How to Pack a Suit in a Carry On

Bennett Collins

If you’re like me, you’re at the point in life where weddings are becoming the newest thing taking up my weekends, and business is part of my day to day life. The question of how to present myself in formal settings, as though my life is totally together, is getting louder in my head. 

This gets even more complicated when travel is involved. 

Getting a suit from A to B without needing a professional cleaning and pressing on the other end is important, and the struggle is real. For one thing, all that dry cleaning is time consuming and expensive, especially if you’re only traveling for a short period and can’t afford to wait. For another, it’s a lot of unnecessary effort.

Believe it or not, it is possible to pack a suit in a carry on. There’s no sorcery involved, just packing a suit the right way and having the right bag to get the job done. 

From the bag’s end of things, this means having a large enough bag. The Outbreaker Backpack is large enough to pack a dress shirt, suit, shoes, and more for a business or wedding weekend trip—without wrinkles, dry cleaning, or a bulky garment bag.

From my own research, there are plenty of videos and how-to graphics out there that show ways to pack a full suit wrinkle-free, and there are is a clear consensus around best practices. For overstressed travelers, I have good news—you don’t need to tie yourself in knots to do it right.

Before we begin, there is one overarching piece of advice. Whatever you do, do not overpack your carry on when you’re trying to preserve the wrinkle-less integrity of your jacket, pants, dress shirt, and shoes.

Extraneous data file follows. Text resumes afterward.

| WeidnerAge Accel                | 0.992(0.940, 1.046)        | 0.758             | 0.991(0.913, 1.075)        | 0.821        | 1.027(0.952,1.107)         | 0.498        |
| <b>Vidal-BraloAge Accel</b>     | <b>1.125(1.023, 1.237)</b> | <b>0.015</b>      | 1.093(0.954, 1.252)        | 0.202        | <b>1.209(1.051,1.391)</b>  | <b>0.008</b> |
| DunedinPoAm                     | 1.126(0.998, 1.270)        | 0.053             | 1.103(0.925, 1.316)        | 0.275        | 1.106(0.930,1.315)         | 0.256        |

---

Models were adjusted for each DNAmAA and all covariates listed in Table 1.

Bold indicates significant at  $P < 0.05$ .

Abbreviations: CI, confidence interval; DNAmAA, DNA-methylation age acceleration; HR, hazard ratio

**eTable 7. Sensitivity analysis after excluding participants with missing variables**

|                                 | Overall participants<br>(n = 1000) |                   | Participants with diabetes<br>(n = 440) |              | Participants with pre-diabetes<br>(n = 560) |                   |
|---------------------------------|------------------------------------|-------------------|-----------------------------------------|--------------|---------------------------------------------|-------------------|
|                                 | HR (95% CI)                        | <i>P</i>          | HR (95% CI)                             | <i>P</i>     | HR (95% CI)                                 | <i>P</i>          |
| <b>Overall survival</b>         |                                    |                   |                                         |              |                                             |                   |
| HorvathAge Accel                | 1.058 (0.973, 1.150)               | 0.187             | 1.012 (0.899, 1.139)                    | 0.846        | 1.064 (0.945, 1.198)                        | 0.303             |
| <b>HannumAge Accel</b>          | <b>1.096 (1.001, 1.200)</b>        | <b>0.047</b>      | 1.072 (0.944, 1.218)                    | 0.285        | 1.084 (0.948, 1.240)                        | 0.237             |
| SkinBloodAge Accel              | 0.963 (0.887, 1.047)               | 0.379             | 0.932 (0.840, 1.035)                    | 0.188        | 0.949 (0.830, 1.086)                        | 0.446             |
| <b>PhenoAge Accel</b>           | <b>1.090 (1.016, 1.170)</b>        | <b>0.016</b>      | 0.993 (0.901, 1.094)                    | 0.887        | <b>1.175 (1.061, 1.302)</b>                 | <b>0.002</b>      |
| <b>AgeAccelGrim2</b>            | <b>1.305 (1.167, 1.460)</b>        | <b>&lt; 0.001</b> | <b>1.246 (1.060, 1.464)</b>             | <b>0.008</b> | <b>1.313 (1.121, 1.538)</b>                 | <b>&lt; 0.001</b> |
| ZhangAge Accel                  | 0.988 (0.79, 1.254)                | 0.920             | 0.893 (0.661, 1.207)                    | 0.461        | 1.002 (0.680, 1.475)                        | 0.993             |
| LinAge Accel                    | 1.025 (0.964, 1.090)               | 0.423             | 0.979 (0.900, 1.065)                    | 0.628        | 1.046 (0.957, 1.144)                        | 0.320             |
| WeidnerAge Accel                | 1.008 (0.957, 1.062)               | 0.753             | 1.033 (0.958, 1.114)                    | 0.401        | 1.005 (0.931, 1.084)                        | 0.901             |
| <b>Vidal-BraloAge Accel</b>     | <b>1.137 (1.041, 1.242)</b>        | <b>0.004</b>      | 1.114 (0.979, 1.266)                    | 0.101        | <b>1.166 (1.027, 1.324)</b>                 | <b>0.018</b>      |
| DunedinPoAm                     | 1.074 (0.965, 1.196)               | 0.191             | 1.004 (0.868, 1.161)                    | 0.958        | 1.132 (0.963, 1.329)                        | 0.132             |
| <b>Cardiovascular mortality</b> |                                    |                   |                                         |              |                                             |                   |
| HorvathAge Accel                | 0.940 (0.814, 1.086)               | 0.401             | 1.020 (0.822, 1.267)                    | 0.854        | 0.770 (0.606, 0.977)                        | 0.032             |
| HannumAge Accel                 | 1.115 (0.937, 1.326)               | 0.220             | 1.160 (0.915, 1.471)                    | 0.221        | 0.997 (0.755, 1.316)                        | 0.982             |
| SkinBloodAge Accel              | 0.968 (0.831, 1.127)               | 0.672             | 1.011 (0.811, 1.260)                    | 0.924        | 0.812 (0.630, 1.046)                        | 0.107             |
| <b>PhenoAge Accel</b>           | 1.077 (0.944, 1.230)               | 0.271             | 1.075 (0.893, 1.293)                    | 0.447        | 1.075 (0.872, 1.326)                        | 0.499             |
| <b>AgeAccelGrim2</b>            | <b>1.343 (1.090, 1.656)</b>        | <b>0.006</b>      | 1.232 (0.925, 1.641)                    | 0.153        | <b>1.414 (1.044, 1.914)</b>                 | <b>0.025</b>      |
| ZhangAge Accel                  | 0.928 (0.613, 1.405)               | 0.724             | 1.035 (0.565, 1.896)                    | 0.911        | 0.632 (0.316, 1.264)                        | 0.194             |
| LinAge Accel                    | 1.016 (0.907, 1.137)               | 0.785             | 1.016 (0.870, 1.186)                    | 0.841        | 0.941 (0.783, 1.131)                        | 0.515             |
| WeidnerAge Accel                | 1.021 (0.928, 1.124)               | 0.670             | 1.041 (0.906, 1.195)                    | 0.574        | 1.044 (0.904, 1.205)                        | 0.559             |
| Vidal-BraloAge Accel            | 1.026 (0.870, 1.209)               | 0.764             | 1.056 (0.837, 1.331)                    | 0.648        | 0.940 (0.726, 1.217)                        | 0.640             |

Even if you fold and pack everything correctly, if any portion of the suit is crushed under pressure for long durations of time, wrinkles, collapsed collars, and crushed shoes will be the outcome. Compartmentalized packing like what you find in Tortuga backpacks will help, but even compartments won’t protect squished fabric. 

Don’t take the risk. Leave the extras at home when you have to travel with a suit. 

Disclaimer: The following advice is for when you do not have time to iron, steam, or dry clean any items in your suit. 

How to Pack Suit Jacket and Pants

There are folks out there who advocate wearing your jacket on the plane if you don’t have room in your carry on. It may make you the sharpest dresser on the plane, but it will still result in small wrinkles. 

Even if you take your jacket off and fold it correctly, laying it on top in the overhead bin can still turn a pristine folded jacket into a rumpled mess. Never mind the risk of someone else’s food-related clumsiness on a plane. 

And while a garment bag might get along well with the flat surface inside the overhead compartment at first, it’s all but an open invitation for your seat-mate to lay their bag on top of it.